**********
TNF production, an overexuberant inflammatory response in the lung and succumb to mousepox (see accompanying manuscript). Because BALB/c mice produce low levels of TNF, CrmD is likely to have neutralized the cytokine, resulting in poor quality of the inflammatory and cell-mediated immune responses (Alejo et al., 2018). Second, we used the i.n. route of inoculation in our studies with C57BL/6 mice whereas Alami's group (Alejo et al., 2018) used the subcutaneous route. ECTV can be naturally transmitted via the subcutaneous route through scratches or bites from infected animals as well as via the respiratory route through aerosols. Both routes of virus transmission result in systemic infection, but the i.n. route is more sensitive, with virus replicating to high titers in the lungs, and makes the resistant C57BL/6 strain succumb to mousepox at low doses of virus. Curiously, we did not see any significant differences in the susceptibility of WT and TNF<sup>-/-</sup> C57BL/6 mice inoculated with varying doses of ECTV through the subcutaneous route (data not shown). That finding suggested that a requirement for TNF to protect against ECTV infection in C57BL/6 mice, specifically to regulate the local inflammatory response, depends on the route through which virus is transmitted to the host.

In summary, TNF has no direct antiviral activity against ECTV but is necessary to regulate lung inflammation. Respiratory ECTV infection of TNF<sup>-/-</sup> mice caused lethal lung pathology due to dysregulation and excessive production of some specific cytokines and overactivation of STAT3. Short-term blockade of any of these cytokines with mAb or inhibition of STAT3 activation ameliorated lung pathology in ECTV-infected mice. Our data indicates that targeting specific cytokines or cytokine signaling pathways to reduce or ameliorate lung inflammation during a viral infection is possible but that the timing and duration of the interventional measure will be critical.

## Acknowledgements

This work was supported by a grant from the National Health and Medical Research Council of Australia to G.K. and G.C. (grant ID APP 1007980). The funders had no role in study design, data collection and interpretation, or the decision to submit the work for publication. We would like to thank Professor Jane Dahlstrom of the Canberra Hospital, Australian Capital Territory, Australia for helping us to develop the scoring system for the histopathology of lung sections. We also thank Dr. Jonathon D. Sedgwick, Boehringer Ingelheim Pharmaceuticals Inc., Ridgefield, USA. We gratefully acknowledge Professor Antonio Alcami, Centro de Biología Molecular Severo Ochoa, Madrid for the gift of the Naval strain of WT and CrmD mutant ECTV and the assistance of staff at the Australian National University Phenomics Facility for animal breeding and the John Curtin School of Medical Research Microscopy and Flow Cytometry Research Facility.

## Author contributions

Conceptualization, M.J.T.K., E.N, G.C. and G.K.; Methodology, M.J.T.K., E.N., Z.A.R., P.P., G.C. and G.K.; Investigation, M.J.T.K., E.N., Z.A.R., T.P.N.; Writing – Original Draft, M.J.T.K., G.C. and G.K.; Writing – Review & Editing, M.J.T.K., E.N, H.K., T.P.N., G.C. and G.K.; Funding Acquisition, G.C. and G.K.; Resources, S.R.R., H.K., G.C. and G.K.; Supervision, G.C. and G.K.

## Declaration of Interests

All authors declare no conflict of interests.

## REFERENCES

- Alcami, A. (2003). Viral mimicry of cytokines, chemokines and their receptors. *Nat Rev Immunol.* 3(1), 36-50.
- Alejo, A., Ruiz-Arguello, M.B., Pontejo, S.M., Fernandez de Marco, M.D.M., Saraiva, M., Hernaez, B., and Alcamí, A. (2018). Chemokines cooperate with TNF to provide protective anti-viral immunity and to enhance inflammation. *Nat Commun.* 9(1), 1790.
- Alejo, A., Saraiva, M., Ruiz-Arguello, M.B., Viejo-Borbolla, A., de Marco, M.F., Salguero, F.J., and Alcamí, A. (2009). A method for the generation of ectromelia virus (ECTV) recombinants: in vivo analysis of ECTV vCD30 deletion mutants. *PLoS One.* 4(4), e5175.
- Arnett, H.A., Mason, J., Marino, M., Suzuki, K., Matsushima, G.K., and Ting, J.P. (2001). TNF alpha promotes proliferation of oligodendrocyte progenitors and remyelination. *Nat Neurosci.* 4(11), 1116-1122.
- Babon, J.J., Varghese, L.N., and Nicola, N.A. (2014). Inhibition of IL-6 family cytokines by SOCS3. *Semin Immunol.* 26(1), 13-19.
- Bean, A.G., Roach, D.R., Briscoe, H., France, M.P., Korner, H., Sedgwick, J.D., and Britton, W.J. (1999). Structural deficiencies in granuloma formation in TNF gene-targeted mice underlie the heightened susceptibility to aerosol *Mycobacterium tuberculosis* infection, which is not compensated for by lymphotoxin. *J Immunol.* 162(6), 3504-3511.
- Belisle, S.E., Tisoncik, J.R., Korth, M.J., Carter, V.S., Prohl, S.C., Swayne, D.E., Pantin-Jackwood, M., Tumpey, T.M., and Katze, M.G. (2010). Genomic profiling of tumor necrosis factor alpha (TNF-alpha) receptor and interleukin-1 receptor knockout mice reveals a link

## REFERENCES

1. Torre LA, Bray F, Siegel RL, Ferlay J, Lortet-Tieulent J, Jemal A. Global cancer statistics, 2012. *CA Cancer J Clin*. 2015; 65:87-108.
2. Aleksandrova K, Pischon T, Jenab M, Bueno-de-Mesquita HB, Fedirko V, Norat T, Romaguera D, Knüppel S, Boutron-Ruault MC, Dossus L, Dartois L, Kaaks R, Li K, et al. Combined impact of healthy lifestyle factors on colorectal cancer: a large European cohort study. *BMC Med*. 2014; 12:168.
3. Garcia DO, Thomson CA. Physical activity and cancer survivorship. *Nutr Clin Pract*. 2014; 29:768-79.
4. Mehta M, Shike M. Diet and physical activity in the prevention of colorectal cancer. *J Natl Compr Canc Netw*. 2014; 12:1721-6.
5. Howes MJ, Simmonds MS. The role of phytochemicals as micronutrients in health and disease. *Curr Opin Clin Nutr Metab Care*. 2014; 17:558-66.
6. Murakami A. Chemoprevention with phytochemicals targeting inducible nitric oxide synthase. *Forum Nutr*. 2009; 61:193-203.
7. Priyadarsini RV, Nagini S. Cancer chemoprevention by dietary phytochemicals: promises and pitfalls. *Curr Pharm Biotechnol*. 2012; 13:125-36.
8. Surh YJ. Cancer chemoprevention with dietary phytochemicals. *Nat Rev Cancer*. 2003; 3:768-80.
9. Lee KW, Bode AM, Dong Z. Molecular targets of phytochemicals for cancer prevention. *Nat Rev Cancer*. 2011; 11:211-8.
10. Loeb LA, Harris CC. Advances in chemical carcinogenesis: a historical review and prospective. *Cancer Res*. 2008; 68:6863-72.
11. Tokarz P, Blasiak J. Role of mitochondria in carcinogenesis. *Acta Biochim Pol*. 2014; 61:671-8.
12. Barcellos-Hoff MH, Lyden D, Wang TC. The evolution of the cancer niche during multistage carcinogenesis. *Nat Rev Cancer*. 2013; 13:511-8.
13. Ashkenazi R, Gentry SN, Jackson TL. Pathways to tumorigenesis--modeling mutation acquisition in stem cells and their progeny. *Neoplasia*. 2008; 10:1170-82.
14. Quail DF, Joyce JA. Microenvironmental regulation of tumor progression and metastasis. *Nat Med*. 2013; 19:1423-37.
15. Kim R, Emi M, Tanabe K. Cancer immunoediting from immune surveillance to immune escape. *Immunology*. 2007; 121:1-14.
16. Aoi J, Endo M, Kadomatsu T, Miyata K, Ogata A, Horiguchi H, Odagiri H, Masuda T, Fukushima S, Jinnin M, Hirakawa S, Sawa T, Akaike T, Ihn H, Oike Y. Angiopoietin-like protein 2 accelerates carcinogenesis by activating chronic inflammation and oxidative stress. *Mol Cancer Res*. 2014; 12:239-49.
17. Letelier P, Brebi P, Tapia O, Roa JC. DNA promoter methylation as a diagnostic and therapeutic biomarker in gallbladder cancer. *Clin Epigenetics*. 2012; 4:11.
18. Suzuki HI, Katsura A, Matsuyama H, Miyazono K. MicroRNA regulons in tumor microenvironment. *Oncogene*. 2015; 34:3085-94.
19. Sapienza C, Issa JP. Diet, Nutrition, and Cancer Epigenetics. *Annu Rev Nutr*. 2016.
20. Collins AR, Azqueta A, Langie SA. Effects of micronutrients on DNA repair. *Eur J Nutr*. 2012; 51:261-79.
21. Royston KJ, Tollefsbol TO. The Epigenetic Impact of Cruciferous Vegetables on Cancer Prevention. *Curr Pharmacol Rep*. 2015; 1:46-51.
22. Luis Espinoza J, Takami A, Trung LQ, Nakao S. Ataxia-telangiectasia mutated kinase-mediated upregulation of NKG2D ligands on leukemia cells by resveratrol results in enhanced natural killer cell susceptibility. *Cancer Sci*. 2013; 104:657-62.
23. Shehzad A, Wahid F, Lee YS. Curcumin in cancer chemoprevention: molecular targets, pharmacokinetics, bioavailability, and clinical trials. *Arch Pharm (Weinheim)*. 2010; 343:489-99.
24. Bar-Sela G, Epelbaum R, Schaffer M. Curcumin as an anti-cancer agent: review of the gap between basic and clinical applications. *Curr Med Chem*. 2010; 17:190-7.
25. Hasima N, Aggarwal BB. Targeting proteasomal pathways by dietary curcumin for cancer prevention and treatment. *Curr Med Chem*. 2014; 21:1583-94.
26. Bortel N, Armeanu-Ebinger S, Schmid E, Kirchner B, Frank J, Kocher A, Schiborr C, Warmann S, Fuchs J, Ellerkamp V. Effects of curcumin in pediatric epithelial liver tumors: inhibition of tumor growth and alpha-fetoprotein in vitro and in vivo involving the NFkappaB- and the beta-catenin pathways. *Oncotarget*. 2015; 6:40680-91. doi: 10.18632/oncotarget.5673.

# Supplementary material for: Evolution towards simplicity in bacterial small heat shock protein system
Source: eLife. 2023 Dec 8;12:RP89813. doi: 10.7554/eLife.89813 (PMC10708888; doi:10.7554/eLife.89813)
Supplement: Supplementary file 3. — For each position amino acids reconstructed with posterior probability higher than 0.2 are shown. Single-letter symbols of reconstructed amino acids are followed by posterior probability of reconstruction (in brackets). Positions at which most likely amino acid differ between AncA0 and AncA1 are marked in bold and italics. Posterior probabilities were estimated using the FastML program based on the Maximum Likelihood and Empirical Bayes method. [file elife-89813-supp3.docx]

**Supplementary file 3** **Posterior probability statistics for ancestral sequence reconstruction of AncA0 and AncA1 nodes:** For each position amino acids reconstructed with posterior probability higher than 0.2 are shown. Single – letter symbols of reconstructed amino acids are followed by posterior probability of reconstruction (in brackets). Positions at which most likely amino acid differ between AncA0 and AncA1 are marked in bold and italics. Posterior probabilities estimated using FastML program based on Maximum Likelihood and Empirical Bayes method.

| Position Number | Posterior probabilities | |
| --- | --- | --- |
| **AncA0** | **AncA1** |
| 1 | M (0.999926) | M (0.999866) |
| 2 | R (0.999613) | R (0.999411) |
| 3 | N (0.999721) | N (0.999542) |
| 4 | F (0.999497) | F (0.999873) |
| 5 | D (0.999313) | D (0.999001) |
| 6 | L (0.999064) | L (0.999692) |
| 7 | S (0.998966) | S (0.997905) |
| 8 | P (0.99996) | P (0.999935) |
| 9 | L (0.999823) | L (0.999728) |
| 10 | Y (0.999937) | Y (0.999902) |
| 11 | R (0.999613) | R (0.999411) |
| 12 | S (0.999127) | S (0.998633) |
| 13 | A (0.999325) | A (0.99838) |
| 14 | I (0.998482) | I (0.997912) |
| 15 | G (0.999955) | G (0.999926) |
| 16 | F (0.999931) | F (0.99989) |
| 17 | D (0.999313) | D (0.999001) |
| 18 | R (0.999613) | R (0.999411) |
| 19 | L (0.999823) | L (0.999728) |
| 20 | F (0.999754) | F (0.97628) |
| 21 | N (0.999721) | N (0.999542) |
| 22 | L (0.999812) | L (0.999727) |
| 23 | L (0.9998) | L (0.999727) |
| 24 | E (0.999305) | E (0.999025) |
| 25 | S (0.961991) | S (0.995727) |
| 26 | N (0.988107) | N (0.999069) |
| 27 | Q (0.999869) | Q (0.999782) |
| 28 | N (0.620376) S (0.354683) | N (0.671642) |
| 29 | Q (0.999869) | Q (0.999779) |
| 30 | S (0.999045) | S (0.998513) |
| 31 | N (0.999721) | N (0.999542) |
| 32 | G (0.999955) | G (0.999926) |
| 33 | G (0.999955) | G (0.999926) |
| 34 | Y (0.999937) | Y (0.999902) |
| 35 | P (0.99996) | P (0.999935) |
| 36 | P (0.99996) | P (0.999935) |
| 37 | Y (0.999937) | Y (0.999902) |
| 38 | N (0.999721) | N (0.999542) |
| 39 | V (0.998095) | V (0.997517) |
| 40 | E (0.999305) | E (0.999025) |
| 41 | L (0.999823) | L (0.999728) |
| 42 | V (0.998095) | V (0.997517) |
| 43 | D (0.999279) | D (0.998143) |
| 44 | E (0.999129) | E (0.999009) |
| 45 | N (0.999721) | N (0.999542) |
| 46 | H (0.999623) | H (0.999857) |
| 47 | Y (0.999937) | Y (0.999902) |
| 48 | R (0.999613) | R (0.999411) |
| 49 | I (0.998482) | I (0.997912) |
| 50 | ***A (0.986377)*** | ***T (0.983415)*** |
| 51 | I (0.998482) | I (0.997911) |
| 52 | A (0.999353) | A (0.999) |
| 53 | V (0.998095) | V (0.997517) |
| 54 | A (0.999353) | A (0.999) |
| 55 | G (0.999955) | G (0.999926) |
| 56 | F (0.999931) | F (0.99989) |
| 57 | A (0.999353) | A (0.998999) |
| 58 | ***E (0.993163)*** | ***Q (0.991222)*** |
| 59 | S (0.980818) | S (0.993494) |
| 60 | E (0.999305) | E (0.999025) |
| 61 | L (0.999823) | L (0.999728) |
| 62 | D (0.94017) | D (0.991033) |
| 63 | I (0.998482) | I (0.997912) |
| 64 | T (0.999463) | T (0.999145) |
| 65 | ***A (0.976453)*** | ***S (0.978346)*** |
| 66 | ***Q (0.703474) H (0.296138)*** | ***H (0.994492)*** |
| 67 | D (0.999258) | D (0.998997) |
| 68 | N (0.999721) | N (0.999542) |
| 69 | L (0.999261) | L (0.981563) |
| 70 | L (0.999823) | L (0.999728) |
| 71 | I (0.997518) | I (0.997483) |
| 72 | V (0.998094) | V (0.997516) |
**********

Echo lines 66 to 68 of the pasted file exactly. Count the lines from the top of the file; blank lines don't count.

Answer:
| 16 | F (0.999931) | F (0.99989) |
| 17 | D (0.999313) | D (0.999001) |
| 18 | R (0.999613) | R (0.999411) |